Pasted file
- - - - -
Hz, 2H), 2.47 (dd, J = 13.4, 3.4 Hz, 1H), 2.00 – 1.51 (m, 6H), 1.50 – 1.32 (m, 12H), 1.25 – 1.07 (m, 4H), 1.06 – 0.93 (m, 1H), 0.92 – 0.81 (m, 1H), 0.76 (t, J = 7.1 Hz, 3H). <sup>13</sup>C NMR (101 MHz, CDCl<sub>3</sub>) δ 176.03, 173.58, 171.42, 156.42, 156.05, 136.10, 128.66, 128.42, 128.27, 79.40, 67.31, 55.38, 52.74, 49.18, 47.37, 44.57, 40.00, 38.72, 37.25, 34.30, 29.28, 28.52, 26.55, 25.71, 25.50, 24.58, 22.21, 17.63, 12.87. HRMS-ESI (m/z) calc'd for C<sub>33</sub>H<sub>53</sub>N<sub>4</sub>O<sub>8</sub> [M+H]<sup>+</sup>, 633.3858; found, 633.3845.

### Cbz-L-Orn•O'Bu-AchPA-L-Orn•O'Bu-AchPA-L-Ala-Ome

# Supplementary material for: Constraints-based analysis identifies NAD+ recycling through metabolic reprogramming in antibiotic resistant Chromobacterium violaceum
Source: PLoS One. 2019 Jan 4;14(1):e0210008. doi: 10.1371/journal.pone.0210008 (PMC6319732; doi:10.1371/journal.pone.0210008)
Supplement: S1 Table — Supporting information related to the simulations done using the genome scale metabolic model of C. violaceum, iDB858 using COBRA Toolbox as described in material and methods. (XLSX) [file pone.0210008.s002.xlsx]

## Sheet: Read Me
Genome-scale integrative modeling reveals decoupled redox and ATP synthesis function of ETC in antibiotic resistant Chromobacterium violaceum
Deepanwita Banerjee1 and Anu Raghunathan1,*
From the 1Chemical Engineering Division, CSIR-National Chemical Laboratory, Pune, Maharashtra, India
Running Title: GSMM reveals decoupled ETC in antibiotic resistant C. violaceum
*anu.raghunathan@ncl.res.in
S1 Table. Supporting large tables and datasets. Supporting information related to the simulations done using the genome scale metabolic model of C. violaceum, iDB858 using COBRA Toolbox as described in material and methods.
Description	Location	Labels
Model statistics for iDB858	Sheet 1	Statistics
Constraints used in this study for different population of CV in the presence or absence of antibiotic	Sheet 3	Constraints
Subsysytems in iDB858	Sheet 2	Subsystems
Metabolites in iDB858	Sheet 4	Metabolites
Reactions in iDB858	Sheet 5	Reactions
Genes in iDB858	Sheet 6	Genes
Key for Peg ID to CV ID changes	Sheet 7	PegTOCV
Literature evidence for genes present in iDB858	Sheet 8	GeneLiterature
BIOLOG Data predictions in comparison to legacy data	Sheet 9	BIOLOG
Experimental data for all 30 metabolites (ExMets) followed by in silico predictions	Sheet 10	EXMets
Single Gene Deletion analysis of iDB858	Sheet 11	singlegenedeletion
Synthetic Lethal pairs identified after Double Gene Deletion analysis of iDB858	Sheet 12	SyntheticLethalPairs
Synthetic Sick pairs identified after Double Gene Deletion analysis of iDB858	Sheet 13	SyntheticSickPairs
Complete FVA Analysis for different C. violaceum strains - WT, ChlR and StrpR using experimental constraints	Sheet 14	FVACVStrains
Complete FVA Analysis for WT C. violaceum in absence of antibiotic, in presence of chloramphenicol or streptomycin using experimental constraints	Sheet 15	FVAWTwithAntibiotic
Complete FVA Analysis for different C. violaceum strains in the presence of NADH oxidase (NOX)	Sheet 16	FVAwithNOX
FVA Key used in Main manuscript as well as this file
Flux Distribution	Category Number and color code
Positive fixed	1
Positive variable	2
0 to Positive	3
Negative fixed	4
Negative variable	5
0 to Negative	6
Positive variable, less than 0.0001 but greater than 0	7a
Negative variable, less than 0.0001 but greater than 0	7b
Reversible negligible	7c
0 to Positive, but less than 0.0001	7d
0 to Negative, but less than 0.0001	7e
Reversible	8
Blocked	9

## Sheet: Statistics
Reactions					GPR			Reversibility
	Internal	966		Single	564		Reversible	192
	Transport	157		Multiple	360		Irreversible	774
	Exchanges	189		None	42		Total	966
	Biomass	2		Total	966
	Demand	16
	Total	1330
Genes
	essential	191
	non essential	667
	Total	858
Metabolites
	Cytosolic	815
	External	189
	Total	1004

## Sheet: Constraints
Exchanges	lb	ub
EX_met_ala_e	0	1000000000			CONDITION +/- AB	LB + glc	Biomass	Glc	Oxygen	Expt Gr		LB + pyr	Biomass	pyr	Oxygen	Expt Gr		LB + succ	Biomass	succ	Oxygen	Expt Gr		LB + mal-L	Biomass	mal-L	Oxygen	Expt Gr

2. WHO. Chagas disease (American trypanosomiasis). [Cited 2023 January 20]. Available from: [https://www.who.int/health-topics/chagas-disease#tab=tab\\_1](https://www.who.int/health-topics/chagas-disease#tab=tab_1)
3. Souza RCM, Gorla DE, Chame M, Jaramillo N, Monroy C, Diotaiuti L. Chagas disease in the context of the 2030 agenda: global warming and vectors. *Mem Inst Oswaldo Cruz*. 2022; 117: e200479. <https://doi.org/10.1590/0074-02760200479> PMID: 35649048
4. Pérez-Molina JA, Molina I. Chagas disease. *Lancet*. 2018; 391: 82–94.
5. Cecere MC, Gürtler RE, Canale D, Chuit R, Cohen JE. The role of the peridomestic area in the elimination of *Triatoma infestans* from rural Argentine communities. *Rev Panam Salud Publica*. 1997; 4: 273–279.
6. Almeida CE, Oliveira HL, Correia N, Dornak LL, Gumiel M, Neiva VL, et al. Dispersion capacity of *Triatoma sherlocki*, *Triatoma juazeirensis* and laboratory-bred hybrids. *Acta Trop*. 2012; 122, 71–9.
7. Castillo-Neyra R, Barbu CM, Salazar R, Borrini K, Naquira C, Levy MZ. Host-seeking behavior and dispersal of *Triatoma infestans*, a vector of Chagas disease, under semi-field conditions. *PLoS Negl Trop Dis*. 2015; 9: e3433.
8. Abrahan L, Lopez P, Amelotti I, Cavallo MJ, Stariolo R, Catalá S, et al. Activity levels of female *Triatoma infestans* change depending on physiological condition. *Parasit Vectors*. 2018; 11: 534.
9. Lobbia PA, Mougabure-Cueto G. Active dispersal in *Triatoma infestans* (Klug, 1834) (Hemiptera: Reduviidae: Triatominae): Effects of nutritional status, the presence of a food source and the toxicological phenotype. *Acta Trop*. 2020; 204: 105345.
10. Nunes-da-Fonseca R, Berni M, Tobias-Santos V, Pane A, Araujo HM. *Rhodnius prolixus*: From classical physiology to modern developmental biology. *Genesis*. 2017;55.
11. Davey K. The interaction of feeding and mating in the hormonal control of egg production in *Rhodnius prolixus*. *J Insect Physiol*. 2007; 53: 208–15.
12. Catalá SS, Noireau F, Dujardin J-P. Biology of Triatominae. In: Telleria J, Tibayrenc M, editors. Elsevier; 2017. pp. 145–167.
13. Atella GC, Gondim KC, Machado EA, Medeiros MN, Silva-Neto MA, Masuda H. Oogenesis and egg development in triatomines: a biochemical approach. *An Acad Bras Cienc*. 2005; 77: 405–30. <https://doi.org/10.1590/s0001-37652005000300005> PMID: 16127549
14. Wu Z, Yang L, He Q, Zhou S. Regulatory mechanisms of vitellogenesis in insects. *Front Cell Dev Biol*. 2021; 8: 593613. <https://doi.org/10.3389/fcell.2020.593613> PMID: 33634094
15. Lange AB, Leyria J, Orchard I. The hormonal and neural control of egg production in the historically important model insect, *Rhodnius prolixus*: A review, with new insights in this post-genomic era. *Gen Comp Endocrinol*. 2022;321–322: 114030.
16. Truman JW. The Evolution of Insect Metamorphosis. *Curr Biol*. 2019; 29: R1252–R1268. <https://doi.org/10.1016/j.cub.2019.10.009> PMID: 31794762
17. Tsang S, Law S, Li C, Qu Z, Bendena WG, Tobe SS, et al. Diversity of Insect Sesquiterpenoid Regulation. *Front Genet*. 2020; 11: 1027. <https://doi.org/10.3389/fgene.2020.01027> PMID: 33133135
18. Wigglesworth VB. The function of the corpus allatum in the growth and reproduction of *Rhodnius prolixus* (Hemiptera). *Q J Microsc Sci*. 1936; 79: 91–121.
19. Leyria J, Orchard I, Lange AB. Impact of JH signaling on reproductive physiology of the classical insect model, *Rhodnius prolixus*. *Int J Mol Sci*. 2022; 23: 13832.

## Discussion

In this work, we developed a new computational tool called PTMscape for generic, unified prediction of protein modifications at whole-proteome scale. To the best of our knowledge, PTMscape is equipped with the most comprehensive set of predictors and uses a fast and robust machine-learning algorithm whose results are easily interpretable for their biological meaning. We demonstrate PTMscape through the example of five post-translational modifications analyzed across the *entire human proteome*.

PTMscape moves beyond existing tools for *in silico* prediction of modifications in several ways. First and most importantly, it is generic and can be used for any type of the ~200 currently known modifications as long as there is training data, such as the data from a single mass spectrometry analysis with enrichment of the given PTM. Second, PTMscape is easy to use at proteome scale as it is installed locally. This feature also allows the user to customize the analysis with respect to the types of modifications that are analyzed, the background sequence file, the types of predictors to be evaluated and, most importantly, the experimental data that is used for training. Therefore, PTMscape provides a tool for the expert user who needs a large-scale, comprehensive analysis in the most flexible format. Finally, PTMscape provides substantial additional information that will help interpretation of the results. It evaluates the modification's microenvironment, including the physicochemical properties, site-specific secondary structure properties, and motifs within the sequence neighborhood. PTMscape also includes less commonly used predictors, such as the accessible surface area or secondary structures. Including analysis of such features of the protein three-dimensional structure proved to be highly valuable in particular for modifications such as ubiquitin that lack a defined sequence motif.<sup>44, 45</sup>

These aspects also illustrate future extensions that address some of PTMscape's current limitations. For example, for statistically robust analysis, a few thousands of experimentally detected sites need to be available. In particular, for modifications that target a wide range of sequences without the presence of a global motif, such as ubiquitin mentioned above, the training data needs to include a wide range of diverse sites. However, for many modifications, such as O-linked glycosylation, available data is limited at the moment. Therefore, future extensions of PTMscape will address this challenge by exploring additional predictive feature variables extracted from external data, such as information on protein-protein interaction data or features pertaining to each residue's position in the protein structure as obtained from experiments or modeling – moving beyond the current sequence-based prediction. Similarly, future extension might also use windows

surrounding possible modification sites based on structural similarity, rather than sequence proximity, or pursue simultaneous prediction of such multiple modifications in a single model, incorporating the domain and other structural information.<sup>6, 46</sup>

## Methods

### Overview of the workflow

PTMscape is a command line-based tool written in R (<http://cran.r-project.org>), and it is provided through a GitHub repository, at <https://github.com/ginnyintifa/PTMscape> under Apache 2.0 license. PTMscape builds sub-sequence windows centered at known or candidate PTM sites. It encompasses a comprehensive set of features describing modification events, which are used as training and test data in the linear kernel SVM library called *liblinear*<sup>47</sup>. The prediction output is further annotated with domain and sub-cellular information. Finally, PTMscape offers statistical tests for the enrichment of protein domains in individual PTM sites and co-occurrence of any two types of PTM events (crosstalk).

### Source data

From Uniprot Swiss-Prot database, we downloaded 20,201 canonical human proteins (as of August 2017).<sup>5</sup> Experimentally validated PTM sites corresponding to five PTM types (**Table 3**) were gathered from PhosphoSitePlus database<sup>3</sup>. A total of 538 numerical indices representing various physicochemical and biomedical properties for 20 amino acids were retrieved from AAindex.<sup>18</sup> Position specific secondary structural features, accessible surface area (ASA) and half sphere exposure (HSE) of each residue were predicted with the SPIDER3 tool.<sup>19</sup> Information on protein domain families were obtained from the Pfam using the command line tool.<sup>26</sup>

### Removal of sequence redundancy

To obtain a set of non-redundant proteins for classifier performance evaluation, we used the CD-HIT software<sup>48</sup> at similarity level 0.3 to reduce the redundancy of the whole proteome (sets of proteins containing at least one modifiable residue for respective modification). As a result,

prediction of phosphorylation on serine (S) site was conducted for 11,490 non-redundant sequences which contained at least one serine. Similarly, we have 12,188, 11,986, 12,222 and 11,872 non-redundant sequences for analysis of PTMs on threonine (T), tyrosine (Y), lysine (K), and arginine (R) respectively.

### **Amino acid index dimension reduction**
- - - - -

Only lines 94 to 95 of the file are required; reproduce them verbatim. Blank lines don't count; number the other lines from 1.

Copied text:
prediction of phosphorylation on serine (S) site was conducted for 11,490 non-redundant sequences which contained at least one serine. Similarly, we have 12,188, 11,986, 12,222 and 11,872 non-redundant sequences for analysis of PTMs on threonine (T), tyrosine (Y), lysine (K), and arginine (R) respectively.

### **Amino acid index dimension reduction**